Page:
I'd agree with you, I think. A lot of people say that progressive cuisine is dead, but you look at a lot of restaurants that are part of this natural movement or whatever you'd like to call it, and they have most of the Adrià tools in their arsenal. They just use them to get somewhere else.
Of course they do. I think people are afraid of using modern techniques because it is somehow going to devalue their skills as cooks, but if you can get a better flavor using a centrifuge or another modern method, it's a no-brainer. The ethos of a lot of these restaurants these days is natural, but to get there they use a lot of modern techniques. We tip our hats off to places like elBulli and Arzak.

Back to your restaurant. What's the goal there? What are you trying to do?
We try to smash your face in with flavor. It's as simple as that. We have the craziest location, a place that everyone said wouldn't work. That made us think of wild ideas that were intended to make us stronger. We wanted to prove the people who were beating us down wrong.

There's a dish we came up with that is one of the only ones we've done that uses foraged ingredients. We didn't really want to push that movement too much. It's the same thing with most things that influence us — you can admire it and take inspiration from it but you don't always have to jump in with both feet.

What's the dish?
The dish is called NG7 2SA, which is our post code. The dish has wild horseradish ice cream and a nettle soup. The idea is that the ingredients come from within ten meters of the restaurant. So, when people are lost or can't find us — or a critic has criticized our location, the motorway, the cigarette factory nearby — this is the "fuck you" dish. You are now having to eat the area around the restaurant, and we make it absolutely delicious.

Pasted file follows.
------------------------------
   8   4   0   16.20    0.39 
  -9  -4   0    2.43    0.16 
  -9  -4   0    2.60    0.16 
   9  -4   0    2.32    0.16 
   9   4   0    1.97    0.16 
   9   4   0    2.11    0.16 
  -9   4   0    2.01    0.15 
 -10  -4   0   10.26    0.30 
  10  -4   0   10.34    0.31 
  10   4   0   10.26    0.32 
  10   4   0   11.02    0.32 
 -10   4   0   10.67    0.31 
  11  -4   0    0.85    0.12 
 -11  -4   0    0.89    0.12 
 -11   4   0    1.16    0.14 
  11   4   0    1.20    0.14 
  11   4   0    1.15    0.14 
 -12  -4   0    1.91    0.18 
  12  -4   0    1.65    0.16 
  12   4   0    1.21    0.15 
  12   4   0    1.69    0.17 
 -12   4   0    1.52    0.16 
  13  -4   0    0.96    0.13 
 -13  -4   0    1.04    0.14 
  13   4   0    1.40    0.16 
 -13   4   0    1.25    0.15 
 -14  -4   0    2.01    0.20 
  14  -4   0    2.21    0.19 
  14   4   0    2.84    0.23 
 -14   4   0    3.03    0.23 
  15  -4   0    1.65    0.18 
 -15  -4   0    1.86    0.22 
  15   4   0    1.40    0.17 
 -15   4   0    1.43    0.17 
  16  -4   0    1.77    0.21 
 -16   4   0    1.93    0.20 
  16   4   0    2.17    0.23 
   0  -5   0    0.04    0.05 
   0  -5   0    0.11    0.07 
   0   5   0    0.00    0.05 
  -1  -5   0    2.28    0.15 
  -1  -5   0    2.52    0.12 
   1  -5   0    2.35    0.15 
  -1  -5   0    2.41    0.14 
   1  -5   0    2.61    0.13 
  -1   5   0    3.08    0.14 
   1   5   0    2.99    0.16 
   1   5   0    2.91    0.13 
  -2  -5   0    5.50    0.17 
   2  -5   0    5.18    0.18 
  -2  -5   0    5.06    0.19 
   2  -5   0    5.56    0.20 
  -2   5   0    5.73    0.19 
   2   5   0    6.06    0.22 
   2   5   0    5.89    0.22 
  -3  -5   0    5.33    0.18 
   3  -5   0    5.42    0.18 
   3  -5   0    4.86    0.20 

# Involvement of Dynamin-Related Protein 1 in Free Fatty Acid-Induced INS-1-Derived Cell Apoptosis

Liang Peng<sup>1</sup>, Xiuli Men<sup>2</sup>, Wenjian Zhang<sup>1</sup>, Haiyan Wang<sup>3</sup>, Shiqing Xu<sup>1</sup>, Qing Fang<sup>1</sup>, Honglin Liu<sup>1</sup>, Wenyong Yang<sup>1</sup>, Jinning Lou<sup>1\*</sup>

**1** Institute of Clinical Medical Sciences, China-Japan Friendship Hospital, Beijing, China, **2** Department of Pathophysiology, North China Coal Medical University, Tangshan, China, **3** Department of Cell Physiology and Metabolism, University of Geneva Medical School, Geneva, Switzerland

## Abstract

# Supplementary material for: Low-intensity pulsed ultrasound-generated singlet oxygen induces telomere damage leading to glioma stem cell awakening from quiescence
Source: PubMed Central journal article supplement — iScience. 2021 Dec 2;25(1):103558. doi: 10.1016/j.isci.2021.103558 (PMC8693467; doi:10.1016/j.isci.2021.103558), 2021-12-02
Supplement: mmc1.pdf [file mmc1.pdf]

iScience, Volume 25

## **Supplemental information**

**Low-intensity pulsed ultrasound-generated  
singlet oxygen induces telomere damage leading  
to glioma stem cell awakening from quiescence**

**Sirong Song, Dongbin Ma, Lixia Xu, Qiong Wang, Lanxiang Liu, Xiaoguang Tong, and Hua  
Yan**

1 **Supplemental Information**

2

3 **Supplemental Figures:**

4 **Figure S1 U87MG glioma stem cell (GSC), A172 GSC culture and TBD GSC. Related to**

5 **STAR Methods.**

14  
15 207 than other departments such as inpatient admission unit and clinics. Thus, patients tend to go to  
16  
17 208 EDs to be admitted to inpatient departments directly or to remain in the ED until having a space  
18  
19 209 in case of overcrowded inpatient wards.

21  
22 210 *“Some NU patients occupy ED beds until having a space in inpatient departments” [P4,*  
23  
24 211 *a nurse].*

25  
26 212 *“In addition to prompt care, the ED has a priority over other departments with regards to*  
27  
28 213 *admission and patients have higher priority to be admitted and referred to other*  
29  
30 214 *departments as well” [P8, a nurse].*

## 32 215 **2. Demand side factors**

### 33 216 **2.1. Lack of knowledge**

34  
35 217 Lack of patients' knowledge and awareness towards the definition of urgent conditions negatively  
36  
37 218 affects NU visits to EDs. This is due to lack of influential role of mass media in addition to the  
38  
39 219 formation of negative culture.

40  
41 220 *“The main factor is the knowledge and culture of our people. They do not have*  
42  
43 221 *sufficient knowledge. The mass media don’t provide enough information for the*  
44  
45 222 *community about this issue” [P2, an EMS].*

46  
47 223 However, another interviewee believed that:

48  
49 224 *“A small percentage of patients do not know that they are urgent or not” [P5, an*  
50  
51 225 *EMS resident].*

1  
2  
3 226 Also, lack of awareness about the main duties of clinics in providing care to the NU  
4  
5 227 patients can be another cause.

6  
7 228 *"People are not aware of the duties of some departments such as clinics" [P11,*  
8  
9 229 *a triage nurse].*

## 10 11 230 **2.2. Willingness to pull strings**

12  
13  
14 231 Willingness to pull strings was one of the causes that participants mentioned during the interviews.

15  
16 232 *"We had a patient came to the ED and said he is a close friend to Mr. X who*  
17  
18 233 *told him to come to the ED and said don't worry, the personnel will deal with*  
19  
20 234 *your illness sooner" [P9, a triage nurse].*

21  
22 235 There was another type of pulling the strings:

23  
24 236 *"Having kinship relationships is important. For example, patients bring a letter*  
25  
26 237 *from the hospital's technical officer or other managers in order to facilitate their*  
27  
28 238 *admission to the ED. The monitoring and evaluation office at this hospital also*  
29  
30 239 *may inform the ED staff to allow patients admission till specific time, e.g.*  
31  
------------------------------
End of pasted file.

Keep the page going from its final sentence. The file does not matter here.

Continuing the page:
You can only eat it here. You are literally eating the post code. We turn the negative into a positive.

Can you talk more about the food and what you do at Sat Bains?
The ideology of the menus is that we do a seven-course or a ten-course. It's all about balance. We want each dish to be part of a sensible progression of flavors and textures and temperatures that ultimately give you a beautiful sense of comfort. You've had a great journey, but you are comfortably full. I hate it when menus go too long. More than ten courses is too much for me. The other thing that really pisses me off is that they make them so protein-rich that after you finish the main courses, you don't want anything else.